The U.S. Patent and Trademark Office has rejected some claims of an Apple patent that was one of the basis for a recent damages award in a dispute with Samsung Electronics.
The USPTO Office Action ruled that two patents had anticipated claim 18 of Apple’s U.S. Patent no. 8,074,172, according to a filing Thursday by Samsung in the U.S. District Court for the Northern District of California, San Jose division.
The ‘172 patent is better known as the “auto-complete” patent as it describes the prompting of words as users input text into devices. It is titled “Method, device, and graphical user interface providing word recommendations.”
The patent figured in a recent trial in the California court, where a jury ruled in May that Samsung should pay Apple about US$119 million in damages for infringing three patents. Claim 18 of the ‘172 patent was asserted against Samsung.
District Judge Lucy H. Koh had ruled in January that Samsung products had infringed the ‘172 patent.
The decision by the USPTO in the ex parte reexamination that did not include the other parties is not final and still offers Apple appeal options. Apple was not immediately available for comment.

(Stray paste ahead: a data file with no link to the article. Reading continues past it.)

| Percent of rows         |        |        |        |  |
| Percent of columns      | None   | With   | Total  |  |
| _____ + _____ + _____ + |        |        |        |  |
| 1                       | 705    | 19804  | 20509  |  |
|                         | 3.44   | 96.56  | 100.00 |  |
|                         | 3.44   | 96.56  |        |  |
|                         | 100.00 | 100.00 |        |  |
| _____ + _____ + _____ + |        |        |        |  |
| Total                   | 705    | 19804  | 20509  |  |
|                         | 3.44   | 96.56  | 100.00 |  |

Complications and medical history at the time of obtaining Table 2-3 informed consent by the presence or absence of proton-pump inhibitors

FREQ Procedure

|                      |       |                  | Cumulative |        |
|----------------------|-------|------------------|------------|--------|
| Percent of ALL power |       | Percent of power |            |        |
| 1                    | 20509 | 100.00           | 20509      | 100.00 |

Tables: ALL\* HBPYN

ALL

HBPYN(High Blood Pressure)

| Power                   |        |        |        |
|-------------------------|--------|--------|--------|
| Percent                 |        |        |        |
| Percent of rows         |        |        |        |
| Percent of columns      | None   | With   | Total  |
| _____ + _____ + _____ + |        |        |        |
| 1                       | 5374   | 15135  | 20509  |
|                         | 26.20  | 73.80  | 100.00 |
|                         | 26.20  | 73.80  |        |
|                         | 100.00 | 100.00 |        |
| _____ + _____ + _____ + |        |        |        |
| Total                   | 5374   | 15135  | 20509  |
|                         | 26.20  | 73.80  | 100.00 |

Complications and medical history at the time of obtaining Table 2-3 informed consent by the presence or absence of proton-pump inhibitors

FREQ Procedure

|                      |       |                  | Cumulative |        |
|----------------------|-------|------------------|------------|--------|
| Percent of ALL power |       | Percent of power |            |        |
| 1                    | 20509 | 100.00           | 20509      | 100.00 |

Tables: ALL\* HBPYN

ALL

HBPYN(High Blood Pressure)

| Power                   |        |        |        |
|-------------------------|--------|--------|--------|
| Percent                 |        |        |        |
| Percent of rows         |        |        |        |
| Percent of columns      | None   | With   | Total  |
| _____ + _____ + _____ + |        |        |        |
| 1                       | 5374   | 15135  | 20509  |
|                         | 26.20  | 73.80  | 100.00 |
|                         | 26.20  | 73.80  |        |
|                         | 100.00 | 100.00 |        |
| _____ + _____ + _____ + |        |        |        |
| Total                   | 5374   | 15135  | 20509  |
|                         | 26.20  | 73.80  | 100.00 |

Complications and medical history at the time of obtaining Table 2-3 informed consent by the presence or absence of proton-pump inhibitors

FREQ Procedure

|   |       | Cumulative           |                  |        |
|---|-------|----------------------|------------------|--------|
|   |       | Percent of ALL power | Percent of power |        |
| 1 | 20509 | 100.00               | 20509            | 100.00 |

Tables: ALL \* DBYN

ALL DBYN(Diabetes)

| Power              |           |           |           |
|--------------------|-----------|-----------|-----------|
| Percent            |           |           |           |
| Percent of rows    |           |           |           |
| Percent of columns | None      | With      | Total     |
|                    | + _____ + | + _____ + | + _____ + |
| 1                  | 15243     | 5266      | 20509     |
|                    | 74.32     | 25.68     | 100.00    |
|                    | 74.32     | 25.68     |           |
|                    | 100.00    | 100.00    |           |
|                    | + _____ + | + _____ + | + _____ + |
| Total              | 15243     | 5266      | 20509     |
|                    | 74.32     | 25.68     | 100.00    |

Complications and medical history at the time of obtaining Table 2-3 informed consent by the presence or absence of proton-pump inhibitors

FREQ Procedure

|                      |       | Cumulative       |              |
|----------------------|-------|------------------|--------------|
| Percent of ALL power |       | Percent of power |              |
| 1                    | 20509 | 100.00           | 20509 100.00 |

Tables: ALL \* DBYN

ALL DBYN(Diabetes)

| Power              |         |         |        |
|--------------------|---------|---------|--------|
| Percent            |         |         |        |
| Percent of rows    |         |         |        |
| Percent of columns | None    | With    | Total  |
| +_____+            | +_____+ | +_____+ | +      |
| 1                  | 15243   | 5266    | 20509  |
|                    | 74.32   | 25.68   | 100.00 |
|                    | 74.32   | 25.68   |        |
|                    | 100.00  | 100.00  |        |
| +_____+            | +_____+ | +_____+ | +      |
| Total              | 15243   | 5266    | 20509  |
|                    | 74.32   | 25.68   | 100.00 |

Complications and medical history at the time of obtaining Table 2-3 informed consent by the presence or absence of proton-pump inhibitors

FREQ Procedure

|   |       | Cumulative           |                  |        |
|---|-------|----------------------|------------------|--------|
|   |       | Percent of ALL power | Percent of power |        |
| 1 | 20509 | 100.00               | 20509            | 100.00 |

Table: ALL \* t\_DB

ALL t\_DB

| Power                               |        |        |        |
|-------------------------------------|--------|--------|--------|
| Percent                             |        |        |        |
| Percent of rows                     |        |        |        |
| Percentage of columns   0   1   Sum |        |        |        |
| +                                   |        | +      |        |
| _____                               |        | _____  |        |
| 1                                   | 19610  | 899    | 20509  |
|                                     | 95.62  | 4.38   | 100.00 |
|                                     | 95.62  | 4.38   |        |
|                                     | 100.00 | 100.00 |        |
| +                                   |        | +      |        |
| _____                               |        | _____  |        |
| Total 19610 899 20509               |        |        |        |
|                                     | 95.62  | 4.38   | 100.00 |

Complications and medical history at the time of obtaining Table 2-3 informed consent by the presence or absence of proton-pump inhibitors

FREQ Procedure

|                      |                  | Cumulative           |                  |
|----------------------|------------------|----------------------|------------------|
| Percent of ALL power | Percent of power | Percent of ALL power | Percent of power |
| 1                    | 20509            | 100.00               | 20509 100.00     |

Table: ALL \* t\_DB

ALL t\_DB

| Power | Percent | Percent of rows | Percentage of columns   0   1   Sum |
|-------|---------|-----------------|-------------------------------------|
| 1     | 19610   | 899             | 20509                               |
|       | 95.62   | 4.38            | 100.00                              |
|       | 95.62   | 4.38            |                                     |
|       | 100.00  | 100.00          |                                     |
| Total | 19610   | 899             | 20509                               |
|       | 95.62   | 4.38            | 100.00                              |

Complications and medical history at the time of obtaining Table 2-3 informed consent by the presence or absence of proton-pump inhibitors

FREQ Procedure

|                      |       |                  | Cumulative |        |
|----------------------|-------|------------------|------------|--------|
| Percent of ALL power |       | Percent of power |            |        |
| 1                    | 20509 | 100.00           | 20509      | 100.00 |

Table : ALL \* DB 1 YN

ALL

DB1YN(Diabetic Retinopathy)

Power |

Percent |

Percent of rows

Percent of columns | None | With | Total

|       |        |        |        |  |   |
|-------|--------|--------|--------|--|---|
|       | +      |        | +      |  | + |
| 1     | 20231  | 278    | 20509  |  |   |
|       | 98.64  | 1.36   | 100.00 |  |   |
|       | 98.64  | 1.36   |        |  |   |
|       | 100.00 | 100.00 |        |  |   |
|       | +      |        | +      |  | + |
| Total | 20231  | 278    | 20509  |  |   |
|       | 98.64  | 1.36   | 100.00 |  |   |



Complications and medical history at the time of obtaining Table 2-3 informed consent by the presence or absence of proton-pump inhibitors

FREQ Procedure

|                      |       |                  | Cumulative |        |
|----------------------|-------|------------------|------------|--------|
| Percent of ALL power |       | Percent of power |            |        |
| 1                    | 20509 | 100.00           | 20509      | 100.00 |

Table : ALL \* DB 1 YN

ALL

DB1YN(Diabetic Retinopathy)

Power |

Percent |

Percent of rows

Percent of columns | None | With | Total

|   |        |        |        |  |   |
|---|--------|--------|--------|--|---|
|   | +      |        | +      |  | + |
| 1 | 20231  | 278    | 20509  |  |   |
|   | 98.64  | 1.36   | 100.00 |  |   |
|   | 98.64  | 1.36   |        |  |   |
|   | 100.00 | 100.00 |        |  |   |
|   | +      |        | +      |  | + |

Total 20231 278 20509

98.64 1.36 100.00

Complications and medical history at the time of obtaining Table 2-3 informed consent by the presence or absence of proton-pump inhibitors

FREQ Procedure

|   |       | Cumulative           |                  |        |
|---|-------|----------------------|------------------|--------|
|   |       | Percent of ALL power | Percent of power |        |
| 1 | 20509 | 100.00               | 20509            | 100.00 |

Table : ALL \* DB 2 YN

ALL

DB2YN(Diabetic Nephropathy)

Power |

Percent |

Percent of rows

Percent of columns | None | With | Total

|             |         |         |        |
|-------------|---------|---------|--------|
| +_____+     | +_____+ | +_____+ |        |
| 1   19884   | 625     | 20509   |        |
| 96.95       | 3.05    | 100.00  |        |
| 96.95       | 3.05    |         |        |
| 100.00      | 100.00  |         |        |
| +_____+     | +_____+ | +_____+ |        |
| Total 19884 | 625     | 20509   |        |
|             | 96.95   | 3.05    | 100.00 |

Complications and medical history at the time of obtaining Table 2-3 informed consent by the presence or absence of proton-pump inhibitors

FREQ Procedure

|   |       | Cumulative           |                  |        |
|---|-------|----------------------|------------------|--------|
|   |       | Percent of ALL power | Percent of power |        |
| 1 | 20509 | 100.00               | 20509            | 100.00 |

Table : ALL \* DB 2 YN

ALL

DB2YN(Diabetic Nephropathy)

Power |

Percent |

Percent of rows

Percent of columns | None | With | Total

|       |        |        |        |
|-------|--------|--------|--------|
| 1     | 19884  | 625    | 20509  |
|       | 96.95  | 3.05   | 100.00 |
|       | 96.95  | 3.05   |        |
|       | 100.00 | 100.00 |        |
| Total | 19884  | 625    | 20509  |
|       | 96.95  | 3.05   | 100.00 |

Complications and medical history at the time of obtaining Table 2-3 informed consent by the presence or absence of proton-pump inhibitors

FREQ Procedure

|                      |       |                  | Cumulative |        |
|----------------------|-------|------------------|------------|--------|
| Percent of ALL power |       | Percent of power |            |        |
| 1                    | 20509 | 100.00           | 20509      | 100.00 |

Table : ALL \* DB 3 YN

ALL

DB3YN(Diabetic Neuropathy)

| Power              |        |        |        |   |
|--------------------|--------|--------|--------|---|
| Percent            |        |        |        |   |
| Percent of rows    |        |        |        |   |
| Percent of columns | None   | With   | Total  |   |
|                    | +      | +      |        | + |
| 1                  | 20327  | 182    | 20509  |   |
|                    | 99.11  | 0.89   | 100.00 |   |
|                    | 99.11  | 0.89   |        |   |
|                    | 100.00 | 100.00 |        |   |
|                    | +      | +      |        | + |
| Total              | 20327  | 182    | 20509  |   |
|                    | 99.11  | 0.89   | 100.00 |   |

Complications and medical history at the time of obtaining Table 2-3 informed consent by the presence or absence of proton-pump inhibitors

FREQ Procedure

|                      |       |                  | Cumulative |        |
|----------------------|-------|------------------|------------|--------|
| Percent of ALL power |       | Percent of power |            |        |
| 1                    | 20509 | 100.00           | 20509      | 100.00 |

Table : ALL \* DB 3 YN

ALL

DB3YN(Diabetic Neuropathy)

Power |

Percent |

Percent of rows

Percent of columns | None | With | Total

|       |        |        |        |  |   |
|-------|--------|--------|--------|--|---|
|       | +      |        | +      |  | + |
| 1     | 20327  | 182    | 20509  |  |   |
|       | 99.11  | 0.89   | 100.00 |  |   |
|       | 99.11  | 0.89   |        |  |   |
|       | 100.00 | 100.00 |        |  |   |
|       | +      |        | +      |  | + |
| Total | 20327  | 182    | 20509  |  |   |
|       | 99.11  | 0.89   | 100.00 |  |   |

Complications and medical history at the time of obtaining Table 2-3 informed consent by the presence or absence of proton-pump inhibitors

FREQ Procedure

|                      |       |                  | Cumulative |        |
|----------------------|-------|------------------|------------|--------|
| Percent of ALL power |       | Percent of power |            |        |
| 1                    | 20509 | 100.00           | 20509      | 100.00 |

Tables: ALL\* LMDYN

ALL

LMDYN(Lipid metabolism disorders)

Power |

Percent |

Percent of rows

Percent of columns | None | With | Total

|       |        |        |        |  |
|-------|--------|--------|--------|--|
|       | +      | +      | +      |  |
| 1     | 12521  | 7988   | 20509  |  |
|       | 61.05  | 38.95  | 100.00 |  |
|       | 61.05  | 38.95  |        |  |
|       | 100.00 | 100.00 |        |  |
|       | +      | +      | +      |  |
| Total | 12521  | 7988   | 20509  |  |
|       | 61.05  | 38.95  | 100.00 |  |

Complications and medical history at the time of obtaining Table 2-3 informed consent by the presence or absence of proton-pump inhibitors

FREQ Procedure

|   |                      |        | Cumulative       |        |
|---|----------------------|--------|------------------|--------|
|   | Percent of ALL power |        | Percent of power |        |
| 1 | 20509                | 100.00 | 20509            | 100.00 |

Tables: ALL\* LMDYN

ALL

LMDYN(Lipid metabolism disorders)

Samsung’s filing stated that it was bringing the USPTO decision to the notice of the court as it was relevant to its defense in connection with the ‘172 patent, but does not discuss the implications of the decision on the damages award against it.
Apple and Samsung said this week that they were ending their patent litigation outside the U.S., though they clarified that the deal did not involve any licensing agreements, and disputes in the U.S. would continue.
One element of Samsung’s strategy has been to invalidate Apple patents which have been asserted against it.
In the U.S., Samsung asked the California court in July to hold invalid claims of two other Apple patents in the wake of a U.S. Supreme Court decision in Alice v. CLS Bank that raised patentability standards. The Apple patents are the ’721 patent, also known as the “slide-to-unlock” patent, and the ’959 patent, known as the “universal search” patent. The two patents had also figured in the trial, but Samsung products were only found to infringe the ‘721 patent.